How to Keep Kids Safe
Keeping children safe from sexual abuse is an adult responsibility. By definition, all children are vulnerable and are dependent on adults to keep them safe.
What You Need to Know to Keep Kids Safe
What is the prevalence of abuse?
Remember that between 10-20% of boys and girls are sexually abused as children. 90% of the time, the abuser is someone the child knows.
What is grooming?
Know the signs of grooming. The vast majority of children who are abused are abused by someone they know and trust. Perpetrators gain access to children and build trust through the subtle and insidious process of grooming.
Why do children often keep their abuse secret?
Know that children are unlikely to tell someone they're being abused. The shame of being abused is a significant deterrent to divulging the abuse and it is not uncommon for abusers to threaten their victims if they tell.
What do your instincts tell you?
Trust your instincts. If you have any questions or concerns about the interest that an adult is expressing in a child (regardless of that adult's status or reputation), intervene - speak up - err on the side of caution. It is a valid choice to have a child not spend time alone with anyone who raises any questions in your mind or in your gut.
What about other adults?
To safeguard the vulnerability of children, be aware of all those who have access to children and especially those who have one-on-one or unstructured time with children.
How can you help your children build safety habits?
Keep communication lines open with your children. Encourage your children to tell you about things that happen to them that make them feel scared, sad or uncomfortable. Respect and support your children in their choice to refrain from physical contact with people when they don't want to. (For example, don't force kids to hug their relatives.) Teach them to trust their instincts - let them know it's important to realize when they feel uncomfortable with someone and to act on their intuition.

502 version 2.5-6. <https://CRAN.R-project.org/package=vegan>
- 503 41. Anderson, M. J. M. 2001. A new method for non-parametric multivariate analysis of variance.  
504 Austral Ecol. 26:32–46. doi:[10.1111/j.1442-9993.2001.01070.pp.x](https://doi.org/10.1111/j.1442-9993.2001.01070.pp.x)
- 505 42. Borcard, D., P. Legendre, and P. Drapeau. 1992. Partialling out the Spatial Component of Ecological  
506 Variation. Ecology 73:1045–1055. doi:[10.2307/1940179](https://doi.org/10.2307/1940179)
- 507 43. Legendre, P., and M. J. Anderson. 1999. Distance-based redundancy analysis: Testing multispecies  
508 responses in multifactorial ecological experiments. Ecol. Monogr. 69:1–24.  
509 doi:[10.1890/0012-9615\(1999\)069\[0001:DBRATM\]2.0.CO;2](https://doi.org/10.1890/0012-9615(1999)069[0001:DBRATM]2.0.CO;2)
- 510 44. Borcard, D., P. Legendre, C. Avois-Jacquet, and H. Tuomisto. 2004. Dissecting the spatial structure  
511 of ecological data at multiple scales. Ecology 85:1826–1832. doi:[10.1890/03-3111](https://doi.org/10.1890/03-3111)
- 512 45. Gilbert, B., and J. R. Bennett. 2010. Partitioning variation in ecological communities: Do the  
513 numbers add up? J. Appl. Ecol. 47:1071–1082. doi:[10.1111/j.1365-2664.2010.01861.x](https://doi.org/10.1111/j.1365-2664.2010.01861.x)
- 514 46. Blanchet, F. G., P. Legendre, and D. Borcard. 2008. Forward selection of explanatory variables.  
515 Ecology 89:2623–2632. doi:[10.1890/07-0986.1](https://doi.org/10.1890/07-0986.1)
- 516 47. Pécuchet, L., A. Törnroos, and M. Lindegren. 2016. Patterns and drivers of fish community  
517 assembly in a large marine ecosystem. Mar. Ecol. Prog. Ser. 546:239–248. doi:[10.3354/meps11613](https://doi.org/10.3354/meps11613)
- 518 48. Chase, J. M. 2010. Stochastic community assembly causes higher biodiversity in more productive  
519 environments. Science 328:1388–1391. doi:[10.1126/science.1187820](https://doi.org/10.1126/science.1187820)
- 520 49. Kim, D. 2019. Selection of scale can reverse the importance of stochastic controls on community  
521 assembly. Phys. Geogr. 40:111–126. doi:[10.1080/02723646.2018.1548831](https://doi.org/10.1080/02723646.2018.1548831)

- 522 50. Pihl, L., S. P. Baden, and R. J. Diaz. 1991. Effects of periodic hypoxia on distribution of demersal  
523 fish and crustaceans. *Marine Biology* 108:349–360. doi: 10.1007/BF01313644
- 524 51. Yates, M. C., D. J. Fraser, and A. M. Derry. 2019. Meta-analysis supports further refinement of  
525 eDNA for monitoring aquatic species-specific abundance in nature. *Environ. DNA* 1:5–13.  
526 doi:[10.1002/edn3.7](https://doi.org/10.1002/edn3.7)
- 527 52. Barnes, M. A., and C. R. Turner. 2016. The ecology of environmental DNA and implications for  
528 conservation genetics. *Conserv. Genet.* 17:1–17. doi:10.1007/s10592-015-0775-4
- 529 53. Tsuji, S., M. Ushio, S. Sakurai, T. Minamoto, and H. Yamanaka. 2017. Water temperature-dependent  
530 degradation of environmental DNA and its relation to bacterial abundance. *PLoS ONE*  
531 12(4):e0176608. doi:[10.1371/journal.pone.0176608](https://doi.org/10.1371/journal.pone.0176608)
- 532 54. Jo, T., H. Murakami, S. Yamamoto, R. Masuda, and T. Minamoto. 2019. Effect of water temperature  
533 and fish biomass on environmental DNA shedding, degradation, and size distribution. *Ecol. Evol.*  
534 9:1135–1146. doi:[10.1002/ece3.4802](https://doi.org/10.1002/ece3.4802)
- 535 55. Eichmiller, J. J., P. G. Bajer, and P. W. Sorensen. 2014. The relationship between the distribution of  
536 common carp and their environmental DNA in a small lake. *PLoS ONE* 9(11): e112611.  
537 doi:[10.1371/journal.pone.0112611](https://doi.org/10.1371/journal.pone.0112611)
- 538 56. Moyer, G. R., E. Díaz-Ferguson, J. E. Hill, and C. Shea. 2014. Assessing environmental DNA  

What about the internet?
Monitor your child's internet use. Unfortunately, predators have easy access to children on-line. The "Kids' Rule for Online Safety" can be a helpful resource for discussing online safety with your children.
What are red flags in young children?
Common warning signs of abuse in younger children: deteriorating school performance, fear or resistance of being with a particular person or situation, changes in eating, changes in sleeping habits or nightmares, regressive behavior (for example, a return to thumb-sucking or bed-wetting), sudden unexplained personality changes (e.g. becoming especially clingy or secretive), sexualized behavior inappropriate to age of child (e.g. acting in out in a sexual manner with toys or with others, or excessive masturbation), anger outbursts, withdrawal from others, or "too perfect" behavior.
What are red flags in older children and teenagers?
Common warning signs of abuse in older children or adolescents: self-injury (cutting, burning), inadequate personal hygiene, drug and alcohol abuse, sexual promiscuity, running away from home, depression, anxiety, suicide attempts, fear of intimacy or closeness, compulsive eating or dieting, or excessive secrecy.
What to do if you have concerns or believe that a child has been sexually abused
Always take a child's disclosure of sexual abuse seriously.Let the child know that you believe him/her.
Validate the child's courage in speaking up and assure the child know you will keep her/him safe.
Call to report the abuse to the proper authorities and seek out services to support the child. To get support anywhere in the United States:
- Call your area Child Protective Services; In WA State: State Child Protective Services (CPS), 866-ENDHARM (866-363- 4276)
- Contact RAINN's 24 hour hot line at: 1.800.656.HOPE
- Online support is available via RAINN's website: www.rainn.org/get-help
- Call 911